There was much discussion as to how humans could be presented as an intelligent and non harmful life form, but to each suggestion there were drawbacks. Progress in health care, it was pointed out, had resulted in a stagnant public health system and overpopulation. Likewise, technological development had resulted in ecological crises threatening the future of the planet. Development of sustainable natural resources had led to continuous war in resource rich areas as rival governments had fought to control them. Developments in democracy and human rights had led to control of a handful of rich industrialists and a state in which the majority of most populations had their rights recognised, but were unable to exercise them. The most advanced developments in computer and communications technologies had resulted in unprecedented barriers to communication matter, and there were thought to be a growing number so detached from their deteriorating environment to be considered delusional.
In the end it was decided to draw up a list of great men, whose achievements would justify the future existence of the species. There was some consternation as it was discovered this would indeed be a list of great men, as no women had been allowed to present their insights and discoveries. Nevertheless the list was drawn up, one man per century. Objections were overruled from Asian, African and Native Americans that all those chosen came from western Europe. Leonardo from the 15th century, Shakespeare from the 16th century, Newton from the 17th century, Mozart from the 18th century, Freud from the 19th century and Einstein from the 20th century. But more consternation was felt as it was realised each of these, as well as being devalued in their own lifetime at some stage, had acquired a reputation with posterity which devalued them even more. All of them, every one, had feet of clay.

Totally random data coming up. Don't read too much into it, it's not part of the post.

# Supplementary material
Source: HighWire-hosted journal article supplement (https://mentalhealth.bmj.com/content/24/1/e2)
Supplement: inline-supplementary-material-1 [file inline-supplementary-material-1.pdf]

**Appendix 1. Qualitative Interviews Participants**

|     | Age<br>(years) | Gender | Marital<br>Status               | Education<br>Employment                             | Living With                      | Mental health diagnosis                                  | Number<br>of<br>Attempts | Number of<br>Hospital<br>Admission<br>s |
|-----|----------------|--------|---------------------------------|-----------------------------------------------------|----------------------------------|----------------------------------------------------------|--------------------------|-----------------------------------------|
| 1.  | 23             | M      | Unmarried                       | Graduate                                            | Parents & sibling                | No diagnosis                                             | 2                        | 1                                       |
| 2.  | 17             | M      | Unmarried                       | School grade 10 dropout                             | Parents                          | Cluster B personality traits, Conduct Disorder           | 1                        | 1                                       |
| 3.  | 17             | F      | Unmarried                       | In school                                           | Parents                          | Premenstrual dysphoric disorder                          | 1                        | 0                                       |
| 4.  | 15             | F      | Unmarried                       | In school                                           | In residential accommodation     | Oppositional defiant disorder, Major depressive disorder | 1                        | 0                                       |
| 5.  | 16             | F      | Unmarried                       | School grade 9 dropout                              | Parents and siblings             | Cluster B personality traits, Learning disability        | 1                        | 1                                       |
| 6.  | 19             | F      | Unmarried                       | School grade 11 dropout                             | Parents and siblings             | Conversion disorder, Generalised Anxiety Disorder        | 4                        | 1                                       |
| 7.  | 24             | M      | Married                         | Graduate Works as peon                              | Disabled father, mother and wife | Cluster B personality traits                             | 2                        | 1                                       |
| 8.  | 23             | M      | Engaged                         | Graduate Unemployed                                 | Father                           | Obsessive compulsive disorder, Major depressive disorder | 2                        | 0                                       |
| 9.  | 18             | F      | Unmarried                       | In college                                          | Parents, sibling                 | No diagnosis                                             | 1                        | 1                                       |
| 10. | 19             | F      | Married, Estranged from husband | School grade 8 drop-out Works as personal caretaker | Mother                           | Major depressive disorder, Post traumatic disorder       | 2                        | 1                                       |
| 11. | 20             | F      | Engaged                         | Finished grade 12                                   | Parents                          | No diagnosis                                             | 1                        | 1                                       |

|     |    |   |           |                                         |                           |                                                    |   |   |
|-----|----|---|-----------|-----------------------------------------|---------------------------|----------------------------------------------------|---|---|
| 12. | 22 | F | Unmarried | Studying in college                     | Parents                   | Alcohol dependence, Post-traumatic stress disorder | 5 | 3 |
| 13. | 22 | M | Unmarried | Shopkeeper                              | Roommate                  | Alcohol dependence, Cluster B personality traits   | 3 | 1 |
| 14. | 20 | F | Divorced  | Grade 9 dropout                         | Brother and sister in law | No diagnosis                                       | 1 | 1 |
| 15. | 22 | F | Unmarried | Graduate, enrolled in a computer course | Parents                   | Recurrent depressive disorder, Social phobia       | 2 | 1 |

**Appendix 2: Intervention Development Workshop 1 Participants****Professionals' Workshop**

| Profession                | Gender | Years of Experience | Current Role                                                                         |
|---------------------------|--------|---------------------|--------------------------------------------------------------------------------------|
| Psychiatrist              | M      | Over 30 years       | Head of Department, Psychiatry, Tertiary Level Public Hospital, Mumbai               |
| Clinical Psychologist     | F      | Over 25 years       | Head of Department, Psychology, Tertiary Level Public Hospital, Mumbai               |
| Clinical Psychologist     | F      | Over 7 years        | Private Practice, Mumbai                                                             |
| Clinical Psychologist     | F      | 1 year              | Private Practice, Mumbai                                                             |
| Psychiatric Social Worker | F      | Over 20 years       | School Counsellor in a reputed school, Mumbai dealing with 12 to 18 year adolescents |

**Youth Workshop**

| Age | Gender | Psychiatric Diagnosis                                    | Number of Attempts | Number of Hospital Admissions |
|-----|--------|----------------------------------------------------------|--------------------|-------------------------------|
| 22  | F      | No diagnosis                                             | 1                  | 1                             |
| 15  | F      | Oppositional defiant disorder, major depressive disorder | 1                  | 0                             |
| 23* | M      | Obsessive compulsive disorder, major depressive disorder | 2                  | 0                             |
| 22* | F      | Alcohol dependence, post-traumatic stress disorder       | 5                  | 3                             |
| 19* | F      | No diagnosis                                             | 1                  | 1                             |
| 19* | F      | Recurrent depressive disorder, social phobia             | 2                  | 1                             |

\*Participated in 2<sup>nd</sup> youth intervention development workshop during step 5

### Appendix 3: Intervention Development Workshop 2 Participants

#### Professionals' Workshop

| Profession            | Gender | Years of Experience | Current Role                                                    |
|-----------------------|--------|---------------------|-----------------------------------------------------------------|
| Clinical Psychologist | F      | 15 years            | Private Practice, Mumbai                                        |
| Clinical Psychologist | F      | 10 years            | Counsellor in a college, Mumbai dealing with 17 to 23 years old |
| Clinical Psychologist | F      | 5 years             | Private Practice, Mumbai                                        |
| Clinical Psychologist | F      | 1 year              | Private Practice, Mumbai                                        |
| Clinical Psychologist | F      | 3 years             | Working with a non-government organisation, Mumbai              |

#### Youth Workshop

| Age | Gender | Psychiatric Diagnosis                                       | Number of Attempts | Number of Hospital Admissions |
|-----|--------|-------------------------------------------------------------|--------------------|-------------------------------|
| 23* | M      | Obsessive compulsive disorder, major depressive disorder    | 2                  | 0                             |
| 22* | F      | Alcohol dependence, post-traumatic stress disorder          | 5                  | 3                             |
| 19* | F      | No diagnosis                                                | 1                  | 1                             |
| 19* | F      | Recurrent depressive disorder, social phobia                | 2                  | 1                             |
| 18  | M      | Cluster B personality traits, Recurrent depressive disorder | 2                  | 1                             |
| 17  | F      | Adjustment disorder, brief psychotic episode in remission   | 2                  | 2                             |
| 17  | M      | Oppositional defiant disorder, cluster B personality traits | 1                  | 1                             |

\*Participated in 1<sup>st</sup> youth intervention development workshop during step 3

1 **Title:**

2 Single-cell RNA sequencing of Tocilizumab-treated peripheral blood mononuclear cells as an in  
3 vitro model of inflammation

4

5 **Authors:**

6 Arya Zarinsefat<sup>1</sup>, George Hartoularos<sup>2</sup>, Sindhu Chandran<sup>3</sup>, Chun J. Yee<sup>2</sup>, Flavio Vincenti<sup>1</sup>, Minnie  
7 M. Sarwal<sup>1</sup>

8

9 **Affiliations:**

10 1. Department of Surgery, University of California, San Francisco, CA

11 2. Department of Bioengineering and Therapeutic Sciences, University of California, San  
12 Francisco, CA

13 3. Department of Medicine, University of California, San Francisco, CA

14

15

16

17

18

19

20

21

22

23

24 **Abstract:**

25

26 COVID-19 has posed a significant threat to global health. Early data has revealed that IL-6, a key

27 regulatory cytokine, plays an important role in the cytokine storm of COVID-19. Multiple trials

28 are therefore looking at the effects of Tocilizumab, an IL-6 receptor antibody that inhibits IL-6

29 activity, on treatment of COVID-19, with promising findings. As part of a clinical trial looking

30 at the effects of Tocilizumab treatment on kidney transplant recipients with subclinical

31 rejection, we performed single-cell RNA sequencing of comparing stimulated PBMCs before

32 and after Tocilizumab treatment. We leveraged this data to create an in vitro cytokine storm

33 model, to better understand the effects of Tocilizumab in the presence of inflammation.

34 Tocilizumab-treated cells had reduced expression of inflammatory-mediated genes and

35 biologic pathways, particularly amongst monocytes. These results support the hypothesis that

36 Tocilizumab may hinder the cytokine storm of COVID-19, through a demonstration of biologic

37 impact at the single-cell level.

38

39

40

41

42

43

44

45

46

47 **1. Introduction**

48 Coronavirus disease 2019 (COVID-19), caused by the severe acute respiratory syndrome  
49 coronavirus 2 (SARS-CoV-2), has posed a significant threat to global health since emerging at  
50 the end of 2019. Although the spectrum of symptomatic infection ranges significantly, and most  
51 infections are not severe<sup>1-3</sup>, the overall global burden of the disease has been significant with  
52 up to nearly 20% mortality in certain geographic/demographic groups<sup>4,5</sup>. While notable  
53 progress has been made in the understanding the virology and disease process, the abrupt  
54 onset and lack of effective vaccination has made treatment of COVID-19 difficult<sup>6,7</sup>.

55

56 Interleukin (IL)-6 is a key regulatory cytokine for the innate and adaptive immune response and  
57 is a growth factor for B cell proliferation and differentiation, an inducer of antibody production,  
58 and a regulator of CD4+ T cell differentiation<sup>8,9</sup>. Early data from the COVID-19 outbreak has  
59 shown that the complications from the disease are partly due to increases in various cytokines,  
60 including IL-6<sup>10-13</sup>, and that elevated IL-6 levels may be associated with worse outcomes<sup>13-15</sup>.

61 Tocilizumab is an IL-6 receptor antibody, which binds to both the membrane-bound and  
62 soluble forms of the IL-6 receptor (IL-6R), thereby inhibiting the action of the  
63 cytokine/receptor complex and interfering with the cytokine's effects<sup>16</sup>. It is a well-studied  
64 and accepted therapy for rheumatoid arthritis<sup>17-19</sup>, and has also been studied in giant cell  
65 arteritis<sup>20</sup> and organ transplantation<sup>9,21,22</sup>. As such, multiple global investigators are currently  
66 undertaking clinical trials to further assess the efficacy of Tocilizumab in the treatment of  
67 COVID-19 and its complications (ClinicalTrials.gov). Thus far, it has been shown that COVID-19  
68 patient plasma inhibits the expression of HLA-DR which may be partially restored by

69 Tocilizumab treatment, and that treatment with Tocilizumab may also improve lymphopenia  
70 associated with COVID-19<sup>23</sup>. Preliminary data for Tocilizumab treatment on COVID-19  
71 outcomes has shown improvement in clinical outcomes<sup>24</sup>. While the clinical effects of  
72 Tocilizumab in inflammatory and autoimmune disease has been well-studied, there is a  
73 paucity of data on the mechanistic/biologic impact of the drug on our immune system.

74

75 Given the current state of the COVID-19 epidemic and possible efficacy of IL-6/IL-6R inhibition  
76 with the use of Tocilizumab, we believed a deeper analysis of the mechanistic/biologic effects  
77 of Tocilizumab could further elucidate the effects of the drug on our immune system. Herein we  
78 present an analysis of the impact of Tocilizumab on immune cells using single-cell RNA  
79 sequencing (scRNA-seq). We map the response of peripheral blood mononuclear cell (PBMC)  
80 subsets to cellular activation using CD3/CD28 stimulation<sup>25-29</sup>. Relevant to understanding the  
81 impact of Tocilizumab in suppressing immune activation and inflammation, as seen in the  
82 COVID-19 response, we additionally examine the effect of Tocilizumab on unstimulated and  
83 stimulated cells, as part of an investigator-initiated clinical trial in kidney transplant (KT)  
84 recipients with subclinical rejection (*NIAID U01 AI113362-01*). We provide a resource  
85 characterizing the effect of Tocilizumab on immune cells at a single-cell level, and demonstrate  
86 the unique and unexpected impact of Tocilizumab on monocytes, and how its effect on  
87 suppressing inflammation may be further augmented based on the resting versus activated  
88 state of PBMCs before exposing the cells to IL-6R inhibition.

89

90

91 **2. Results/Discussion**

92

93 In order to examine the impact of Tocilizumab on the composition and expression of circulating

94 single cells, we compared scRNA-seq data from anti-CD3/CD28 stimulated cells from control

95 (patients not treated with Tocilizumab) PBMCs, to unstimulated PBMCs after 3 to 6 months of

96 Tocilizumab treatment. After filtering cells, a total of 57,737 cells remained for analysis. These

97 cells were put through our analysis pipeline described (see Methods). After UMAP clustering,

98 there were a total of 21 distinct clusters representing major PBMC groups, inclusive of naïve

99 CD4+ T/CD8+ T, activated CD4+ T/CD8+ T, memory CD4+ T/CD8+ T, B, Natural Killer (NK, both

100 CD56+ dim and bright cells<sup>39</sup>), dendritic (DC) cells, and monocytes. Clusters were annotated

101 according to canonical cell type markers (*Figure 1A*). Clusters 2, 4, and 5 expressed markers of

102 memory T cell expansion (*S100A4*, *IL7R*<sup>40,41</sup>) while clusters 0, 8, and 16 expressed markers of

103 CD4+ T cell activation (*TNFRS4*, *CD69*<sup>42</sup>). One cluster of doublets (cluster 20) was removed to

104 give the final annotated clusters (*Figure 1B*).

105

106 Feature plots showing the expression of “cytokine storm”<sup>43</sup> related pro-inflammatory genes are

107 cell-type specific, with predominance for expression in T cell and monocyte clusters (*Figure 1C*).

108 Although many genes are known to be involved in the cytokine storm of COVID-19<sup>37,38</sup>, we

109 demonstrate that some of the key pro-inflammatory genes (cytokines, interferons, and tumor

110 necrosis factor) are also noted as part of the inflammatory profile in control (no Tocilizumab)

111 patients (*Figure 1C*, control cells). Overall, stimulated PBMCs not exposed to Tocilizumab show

I felt a bit upset at this, as these were men I happened to admire, so I woke up, made a sandwich and had a cup of coffee, thought a bit, then went back to sleep and switched on the dream where I had left off.